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Women CEOs Needed To Mentor Future Leaders
Holmes Report
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Women CEOs Needed To Mentor Future Leaders

Relatively few senior executives (29 percent) around the world have the desire to lead large companies, according to new research from Weber Shandwick.

Holmes Report

Women CEOs Needed To Mentor Future Leaders

Relatively few senior executives (29 percent) around the world have the desire to lead large companies, according to new research from Weber Shandwick. Women executives with an interest in the CEO position are in particularly short supply, as they are significantly less likely than their male peers to want to be chief executive one day (23 percent vs. 32 percent, respectively).

But when female executives work for a female CEO, their interest climbs to 29 percent, suggesting the important role today’s female CEOs play in breaking the glass ceiling for the next generation.

“Our research indicates that when women work for female CEOs, they are more motivated to strive to be corporate leaders themselves,” says Gail Heimann, president of Weber Shandwick. “These results lead to the undeniable conclusion that if we really want gender equality at the top, we must promote more women into CEO positions and do it now.”

A companion study,
The CEO Reputation Premium: Gaining Advantage in the Engagement Era, found that CEO reputation matters to an organisation’s success and is one of its most valuable competitive assets. The contributions of CEO reputation to both the company’s reputation and its market value are virtually identical for both male and female CEOs.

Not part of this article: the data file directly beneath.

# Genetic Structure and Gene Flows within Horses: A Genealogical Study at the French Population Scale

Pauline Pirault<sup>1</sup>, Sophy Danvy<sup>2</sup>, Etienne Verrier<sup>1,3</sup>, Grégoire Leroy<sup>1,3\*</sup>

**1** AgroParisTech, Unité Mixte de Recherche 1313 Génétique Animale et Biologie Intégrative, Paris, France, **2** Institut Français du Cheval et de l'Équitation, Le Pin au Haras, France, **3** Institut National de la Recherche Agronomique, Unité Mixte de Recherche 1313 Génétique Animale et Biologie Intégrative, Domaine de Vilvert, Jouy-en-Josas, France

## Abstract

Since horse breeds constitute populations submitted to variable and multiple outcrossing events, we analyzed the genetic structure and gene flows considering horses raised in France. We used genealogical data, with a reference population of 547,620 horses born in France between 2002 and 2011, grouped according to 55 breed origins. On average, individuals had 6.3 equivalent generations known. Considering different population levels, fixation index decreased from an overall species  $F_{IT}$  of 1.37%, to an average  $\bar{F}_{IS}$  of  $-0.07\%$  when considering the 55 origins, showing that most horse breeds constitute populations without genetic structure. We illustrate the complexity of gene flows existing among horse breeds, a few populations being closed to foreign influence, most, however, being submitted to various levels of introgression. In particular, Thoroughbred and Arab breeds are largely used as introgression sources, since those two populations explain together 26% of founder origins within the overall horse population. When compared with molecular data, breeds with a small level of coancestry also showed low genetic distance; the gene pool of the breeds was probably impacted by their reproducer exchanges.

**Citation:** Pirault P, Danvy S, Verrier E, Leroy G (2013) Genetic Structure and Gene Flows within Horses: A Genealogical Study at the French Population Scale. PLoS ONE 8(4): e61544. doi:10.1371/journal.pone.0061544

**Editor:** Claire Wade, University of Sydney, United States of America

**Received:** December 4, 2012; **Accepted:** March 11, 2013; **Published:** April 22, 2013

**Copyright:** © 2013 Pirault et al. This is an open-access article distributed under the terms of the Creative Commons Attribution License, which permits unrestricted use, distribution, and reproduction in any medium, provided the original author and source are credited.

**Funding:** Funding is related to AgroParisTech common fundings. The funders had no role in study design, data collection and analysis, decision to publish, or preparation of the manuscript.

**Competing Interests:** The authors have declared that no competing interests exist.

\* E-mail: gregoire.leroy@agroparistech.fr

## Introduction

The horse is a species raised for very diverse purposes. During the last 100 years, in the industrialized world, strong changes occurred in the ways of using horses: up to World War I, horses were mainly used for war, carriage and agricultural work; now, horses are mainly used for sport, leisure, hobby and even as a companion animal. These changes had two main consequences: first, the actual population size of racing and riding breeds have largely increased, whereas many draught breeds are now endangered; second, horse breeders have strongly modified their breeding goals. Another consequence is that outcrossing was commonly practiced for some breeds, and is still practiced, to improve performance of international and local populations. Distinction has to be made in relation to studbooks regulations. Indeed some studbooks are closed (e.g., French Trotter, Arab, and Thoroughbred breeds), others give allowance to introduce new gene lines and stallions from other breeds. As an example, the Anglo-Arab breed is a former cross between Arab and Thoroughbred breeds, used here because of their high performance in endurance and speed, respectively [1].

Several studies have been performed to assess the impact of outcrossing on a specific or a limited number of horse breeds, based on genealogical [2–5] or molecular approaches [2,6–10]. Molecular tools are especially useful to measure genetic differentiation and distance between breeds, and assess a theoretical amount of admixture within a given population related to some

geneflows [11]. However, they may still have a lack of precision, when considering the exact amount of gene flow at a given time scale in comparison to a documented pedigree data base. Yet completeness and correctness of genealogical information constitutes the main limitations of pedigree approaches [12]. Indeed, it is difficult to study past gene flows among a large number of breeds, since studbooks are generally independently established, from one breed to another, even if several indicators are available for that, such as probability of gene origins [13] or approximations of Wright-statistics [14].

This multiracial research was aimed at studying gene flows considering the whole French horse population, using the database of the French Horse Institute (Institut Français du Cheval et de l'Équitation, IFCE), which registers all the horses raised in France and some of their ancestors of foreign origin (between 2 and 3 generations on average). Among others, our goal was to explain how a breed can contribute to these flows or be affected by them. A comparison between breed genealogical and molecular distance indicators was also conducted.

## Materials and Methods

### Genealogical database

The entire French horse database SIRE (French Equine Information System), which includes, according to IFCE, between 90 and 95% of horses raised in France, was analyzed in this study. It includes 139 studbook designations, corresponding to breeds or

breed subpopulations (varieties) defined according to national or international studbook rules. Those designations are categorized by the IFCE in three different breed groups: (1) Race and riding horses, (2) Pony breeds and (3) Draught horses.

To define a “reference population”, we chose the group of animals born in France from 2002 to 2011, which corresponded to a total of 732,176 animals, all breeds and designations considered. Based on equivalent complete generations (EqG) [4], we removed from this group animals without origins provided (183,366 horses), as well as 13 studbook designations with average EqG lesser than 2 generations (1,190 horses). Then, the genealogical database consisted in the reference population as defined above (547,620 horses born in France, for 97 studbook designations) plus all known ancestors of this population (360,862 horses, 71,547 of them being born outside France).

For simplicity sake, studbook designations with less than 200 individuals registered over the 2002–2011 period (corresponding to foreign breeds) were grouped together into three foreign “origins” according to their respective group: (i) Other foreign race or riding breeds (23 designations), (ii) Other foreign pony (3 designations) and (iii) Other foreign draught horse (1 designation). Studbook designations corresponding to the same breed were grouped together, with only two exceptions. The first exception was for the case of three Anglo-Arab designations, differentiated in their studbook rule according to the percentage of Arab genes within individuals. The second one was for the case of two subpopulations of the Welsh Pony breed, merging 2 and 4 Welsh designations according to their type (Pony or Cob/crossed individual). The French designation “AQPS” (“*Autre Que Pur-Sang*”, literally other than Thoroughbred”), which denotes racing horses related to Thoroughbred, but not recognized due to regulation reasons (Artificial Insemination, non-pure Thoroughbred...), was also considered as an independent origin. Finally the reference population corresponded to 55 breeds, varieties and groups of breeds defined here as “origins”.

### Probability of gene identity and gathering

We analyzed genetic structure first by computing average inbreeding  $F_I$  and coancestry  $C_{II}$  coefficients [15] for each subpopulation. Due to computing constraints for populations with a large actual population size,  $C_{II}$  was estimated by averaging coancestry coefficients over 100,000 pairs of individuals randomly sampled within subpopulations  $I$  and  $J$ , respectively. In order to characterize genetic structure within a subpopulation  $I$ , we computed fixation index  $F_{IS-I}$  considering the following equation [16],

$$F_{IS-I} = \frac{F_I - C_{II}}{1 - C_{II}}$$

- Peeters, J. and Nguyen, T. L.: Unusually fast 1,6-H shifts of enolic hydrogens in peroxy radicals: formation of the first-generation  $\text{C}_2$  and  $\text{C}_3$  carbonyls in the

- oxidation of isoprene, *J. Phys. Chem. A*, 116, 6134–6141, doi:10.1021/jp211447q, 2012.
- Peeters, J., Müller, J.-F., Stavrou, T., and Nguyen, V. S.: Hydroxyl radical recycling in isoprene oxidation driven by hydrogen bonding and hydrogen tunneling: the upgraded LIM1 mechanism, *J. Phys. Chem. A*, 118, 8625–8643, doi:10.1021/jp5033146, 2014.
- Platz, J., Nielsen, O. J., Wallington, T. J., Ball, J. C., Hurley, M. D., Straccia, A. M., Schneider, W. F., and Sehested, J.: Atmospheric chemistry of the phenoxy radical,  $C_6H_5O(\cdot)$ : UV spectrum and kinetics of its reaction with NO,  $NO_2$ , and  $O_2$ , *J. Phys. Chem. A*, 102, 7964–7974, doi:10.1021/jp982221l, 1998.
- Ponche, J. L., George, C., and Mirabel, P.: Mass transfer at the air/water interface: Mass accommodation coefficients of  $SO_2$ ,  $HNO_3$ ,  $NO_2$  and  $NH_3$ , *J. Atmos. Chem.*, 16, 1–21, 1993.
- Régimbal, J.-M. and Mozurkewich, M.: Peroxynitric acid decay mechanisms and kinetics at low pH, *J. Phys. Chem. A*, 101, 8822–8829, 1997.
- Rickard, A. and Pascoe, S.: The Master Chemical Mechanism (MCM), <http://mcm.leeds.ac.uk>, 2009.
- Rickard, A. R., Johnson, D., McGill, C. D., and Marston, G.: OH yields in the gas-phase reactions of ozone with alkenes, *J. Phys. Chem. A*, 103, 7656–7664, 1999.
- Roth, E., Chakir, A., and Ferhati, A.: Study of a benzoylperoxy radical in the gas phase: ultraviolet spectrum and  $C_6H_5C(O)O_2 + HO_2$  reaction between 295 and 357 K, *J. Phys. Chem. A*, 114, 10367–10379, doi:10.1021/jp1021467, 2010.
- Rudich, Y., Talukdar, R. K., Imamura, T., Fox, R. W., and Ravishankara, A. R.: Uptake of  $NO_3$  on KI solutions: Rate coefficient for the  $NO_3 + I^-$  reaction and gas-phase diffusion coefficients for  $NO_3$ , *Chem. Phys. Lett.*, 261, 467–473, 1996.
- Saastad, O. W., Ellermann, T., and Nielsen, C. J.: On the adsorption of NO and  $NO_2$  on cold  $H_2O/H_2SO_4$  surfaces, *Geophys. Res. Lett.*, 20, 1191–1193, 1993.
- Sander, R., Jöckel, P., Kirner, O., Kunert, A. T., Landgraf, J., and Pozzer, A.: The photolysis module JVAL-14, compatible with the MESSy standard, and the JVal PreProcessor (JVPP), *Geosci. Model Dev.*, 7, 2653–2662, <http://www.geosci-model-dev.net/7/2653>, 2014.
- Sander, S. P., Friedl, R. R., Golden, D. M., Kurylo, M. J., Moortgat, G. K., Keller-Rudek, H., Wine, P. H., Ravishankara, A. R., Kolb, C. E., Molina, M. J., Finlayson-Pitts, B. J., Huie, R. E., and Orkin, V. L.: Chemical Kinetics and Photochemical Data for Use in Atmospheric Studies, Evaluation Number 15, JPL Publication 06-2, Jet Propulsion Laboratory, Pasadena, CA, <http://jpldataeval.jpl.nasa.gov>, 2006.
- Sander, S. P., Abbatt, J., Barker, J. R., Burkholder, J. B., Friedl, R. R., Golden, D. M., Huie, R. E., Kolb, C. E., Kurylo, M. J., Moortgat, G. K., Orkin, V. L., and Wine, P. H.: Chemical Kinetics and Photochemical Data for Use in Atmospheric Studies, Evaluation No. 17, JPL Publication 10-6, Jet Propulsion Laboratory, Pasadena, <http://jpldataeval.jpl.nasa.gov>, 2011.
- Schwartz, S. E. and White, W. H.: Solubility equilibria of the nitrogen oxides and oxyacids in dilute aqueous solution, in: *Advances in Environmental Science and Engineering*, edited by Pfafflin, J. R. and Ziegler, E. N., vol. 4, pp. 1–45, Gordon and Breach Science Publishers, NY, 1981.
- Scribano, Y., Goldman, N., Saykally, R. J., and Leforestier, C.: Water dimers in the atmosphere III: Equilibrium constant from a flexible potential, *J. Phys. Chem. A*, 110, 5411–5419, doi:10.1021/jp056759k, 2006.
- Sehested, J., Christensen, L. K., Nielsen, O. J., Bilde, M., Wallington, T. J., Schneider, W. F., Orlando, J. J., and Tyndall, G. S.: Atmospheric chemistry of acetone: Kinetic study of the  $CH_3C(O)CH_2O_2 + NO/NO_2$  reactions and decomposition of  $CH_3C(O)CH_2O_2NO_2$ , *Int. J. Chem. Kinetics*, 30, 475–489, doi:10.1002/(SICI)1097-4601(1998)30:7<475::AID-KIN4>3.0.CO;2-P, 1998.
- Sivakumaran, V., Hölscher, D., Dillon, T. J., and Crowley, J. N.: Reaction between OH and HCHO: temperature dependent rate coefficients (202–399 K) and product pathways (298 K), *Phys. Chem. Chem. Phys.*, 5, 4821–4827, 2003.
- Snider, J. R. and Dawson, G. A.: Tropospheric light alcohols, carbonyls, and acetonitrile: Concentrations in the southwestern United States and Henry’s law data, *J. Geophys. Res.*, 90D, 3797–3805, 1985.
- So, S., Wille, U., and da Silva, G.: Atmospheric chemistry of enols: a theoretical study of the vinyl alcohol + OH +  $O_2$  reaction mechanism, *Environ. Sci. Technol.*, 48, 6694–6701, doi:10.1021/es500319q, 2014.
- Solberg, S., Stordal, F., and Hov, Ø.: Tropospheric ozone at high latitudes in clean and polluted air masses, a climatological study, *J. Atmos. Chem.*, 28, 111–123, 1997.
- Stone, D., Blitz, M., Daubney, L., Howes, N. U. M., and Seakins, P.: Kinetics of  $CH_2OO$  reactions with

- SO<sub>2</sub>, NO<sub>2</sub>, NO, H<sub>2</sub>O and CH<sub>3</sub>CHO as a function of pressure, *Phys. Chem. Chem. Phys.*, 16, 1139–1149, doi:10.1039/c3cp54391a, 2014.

The reputation premium delivered by women CEOs is the positive impact on women in the leadership pipeline who are significantly more likely than male executives to say that their CEOs’ reputations influence them to remain at their companies. CEO reputation influences women even more to stay at their jobs when their CEO is a woman. CEO gender plays no such role for male executives.

“When it comes to the reputation of a company and its market value, CEO gender does not matter,” says Leslie Gaines-Ross, chief reputation strategist at Weber Shandwick. “Where CEO gender does count is in the war for female talent at the top which is no small matter. Having more highly regarded female CEOs at the top helps to retain women at their companies.”

It is a widely-held opinion by both genders of executives in our study that it is important for the universe of women CEOs to grow, agreed upon by approximately seven in 10 (69 percent) survey respondents. Not surprisingly, women are significantly more likely than men to have this conviction (84 percent vs. 60 percent, respectively).

The leading justification for increasing the number of female CEOs, according to both male (50 percent) and female (58 percent) executives in our study, is to create more female role models and mentors. Mentoring is increasingly understood as a reliable means of helping women obtain higher positions and a growing diversity initiative in many corporations.

 

 

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